on Micah 6 :16
The statutes of Omri are kept - Omri, king of Israel, the father of Ahab, was one of the worst kings the Israelites ever had; and Ahab followed in his wicked father's steps. The statutes of those kings were the very grossest idolatry. Jezebel, wife of the latter, and daughter of Ithobaal, king of Tyre, had no fellow on earth. From her Shakespeare seems to have drawn the character of Lady Macbeth; a woman, like her prototype, mixed up of tigress and fiend, without addition. Omri Ahab, and Jezebel, were the models followed by the Israelites in the days of this prophet.
The inhabitants thereof a hissing - לשרקה lishrekah, "for a shriek;" because those who should see them should be both astonished and affrighted at them.
There are few chapters in the prophets, or in the Bible, superior to this for genuine worth and importance. The structure is as elegant as it is impressive; and it is every way worthy of the Spirit of God.
on Micah 6 :16
For the statutes of Omri are kept - Rather, (like the English margin he doth much keep,) And he doth keep diligently for himself. Both ways express much diligence in evil . To "keep God's commandments" was the familiar phrase, in which Israel was exhorted, by every motive of hope and fear, to obedience to God. "I know him," God says of Abraham, "that he will command his children and his household after him, and they shall keep the way of the Lord, to do judgment and justice" Genesis 18:19. This was the fundamental commandment immediately after the deliverance from Eyypt upon their first murmuring. "The Lord made there" (at Marah) "for them a statute and ordinance, and said, If thou wilt diligently hearken to the voice of the Lord thy God, and wilt do that which is right in His sight, and wilt give ear to His commandments and keep all His statutes, I will put none of these diseases upon thee which I have brought upon the Egyptians" Exodus 15:25-26.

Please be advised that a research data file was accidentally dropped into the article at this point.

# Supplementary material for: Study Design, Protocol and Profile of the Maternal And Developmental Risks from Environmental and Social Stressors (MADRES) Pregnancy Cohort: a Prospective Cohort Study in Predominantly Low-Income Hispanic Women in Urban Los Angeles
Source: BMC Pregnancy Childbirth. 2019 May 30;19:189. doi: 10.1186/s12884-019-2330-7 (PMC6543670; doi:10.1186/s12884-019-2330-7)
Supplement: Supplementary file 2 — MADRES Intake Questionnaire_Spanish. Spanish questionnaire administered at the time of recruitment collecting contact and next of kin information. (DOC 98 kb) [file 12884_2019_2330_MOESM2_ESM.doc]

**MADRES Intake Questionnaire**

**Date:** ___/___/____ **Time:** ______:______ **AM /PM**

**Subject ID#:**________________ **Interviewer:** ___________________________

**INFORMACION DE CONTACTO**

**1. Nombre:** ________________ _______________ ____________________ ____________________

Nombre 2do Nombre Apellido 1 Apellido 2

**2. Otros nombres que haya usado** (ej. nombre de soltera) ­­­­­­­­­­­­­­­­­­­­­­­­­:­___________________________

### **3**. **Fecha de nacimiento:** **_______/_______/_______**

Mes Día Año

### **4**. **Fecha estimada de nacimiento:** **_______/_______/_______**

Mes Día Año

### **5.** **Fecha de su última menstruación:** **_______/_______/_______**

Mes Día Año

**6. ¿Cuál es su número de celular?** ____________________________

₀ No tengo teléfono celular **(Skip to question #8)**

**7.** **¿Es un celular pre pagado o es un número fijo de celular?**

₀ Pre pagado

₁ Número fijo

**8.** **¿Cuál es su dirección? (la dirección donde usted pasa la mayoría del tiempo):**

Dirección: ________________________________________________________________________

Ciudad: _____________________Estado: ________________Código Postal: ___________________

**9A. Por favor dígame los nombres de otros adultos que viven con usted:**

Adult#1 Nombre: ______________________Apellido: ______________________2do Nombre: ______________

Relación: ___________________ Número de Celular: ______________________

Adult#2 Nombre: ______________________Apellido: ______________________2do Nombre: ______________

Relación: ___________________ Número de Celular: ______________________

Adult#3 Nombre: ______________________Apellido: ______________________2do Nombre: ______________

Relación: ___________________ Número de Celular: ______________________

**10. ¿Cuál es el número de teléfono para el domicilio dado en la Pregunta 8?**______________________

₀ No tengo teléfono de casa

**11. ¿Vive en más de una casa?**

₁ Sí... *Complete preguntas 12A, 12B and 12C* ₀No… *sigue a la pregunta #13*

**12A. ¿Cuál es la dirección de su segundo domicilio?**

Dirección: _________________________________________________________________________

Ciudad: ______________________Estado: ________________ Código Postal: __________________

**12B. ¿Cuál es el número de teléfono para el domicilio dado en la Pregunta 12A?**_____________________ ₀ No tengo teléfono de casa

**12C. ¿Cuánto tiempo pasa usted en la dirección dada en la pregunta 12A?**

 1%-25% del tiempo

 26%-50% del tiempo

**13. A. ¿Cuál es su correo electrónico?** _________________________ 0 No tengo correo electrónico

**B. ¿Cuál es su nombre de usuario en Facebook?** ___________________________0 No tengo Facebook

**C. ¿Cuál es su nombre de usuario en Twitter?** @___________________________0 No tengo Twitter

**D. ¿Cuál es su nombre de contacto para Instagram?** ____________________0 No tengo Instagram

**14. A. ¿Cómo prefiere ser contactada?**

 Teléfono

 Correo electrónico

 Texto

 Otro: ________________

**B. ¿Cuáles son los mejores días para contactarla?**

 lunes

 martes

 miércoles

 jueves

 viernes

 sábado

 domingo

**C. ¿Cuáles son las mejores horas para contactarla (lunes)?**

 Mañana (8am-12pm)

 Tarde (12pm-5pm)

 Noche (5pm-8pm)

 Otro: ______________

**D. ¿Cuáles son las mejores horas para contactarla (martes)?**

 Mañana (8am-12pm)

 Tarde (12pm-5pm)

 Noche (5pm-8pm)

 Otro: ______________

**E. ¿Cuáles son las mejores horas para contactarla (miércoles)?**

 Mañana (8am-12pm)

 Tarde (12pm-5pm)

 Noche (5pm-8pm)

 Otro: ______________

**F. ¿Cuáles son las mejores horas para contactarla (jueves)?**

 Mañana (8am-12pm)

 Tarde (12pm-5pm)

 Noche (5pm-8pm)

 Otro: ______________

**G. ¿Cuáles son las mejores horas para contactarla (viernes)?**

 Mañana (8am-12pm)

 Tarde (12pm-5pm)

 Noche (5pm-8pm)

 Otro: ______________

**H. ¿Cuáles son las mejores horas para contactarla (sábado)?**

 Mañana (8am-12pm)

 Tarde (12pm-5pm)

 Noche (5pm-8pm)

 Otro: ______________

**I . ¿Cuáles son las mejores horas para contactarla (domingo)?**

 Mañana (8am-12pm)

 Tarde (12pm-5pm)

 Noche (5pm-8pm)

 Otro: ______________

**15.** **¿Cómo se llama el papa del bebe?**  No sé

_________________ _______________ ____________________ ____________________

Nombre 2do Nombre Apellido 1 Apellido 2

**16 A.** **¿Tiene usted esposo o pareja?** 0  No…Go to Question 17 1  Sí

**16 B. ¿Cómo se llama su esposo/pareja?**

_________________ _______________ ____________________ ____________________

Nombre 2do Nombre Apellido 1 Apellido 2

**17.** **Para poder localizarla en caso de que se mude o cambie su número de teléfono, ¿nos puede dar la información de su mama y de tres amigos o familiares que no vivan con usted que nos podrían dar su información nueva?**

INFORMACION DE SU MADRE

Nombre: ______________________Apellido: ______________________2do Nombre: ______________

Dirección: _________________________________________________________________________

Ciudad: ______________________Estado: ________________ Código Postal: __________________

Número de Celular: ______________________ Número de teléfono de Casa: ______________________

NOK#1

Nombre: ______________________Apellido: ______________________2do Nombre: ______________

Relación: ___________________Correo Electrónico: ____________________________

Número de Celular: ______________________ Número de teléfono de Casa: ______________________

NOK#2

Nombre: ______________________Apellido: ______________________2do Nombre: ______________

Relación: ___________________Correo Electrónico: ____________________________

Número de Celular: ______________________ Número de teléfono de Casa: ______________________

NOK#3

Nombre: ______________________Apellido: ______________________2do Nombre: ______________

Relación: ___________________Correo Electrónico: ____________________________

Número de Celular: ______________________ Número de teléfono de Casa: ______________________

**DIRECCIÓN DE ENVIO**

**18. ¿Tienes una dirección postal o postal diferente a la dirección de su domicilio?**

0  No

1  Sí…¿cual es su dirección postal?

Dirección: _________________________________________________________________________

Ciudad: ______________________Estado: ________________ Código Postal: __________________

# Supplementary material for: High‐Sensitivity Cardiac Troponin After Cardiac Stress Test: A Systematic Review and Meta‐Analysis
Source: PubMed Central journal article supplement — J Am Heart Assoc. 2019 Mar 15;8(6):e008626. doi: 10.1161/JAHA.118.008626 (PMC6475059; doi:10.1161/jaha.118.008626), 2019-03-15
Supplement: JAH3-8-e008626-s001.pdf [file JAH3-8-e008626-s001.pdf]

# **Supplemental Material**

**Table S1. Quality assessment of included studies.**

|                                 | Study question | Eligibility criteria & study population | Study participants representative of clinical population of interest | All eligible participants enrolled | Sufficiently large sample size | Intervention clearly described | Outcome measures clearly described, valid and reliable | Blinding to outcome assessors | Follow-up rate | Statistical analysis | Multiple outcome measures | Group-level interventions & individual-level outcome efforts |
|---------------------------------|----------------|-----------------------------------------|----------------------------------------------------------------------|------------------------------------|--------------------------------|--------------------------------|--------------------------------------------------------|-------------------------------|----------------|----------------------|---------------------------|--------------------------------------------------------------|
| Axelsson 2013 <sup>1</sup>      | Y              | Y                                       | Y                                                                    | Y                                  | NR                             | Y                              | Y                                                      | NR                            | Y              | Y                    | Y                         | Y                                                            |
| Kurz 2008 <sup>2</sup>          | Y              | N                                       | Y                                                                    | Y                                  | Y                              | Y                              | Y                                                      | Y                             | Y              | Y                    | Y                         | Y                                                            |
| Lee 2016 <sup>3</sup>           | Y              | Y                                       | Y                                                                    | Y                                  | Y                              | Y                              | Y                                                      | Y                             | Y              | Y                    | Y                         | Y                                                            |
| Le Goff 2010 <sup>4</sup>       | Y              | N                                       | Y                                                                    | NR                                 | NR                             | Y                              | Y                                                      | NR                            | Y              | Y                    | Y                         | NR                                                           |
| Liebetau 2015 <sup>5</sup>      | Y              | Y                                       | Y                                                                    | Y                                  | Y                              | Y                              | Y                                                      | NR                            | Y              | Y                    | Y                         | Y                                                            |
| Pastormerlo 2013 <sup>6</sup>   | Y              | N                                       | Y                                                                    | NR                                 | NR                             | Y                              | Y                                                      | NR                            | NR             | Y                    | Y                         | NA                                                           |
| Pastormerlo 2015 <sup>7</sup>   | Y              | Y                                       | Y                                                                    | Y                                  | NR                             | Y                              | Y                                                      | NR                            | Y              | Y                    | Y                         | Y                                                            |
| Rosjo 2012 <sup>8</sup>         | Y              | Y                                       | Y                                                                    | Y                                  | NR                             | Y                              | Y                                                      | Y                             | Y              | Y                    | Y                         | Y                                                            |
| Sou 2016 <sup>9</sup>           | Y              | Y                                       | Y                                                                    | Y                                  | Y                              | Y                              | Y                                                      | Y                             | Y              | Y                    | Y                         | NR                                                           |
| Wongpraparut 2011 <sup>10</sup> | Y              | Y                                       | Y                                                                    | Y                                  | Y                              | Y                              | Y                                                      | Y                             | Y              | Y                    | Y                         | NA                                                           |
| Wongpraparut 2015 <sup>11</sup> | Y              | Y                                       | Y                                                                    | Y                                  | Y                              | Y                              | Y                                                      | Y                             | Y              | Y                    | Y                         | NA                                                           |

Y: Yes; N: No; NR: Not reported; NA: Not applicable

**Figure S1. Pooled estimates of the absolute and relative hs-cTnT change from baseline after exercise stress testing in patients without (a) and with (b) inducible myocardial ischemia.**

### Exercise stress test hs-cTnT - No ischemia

In this character Ha revealed Himself on Mount Sinai, as "shewing mercy unto thousands of them that love Me and keep My commandments" Exodus 20:6. This was their covenant, "Thou hast avouched the Lord this day to be thy God and to walk in His ways, and to keep His statutes and His commandments and His judgments and to hearken unto His voice" Deuteronomy 26:17. This was so often enforced upon them in the law, as the condition upon which they should hold their land, if they kept the covenant (Exodus 19:5; the words of this covenant, Deuteronomy 29:9), the commmandments Leviticus 22:31; Leviticus 26:3; Deuteronomy 4:2; Deuteronomy 6:17; Deuteronomy 7:11; Deuteronomy 8:6, Deuteronomy 8:11; Deuteronomy 10:13; Deuteronomy 11:1, Deuteronomy 11:8, Deuteronomy 11:22; Deuteronomy 13:5; Deuteronomy 15:5; Deuteronomy 19:9; Deuteronomy 27:1; Deuteronomy 28:9; Deuteronomy 30:10, the judgments Leviticus 18:5, Leviticus 18:26; Leviticus 20:22; Deuteronomy 7:11; Deuteronomy 8:11; Deuteronomy 11:1, the statutes (Leviticus 18:5, Leviticus 18:26; Leviticus 20:8, Leviticus 20:22; Deuteronomy 4:40; Deuteronomy 6:17; Deuteronomy 7:11; Deuteronomy 10:13; Deuteronomy 11:1; Deuteronomy 30:10), the testimonies Deuteronomy 6:17, the charge Leviticus 18:30; Deuteronomy 11:1 of the Lord. Under this term all the curses of the law were threatened, if they "hearkened not unto the voice of the Lord their God, to keep His commandments and His statutes which He commanded them" Deuteronomy 28:15.
Under this again the future of good and evil was, in Solomon, set before the house of David; of unbroken succession on his throne, if "thou wilt keep My commandments; but contrariwise, if ye or your children will not keep My commandments and My statutes" 1 Kings 9:4-6, banishment, destruction of the temple, and themselves to be "a proverb and a byword among all people" This was the object of their existence, 1 Kings 9:7. "that they might keep His statutes and observe His laws" Psalm 105:45. This was the summary of their disobedience, "they kept not the covenant of God" Psalm 78:11. And now was come the contrary to all this. They had not kept the commandments of God; and those commandments of man which were the most contrary to the commandments of God, they had kept and did keep diligently. Alas! that the Christian world should be so like them! What iron habit or custom of man, what fashion, is not kept, if it is against the law of God? How few are not more afraid of man than God? Had God's command run, Speak evil one of another, brethren, would it not have been the best kept of all His commandments? God says, speak not evil; custom, the conversation around, fear of man, say, speak evil; man's commandment is kept; God's is not kept. And no one repents or makes restitution; few even cease from the sin.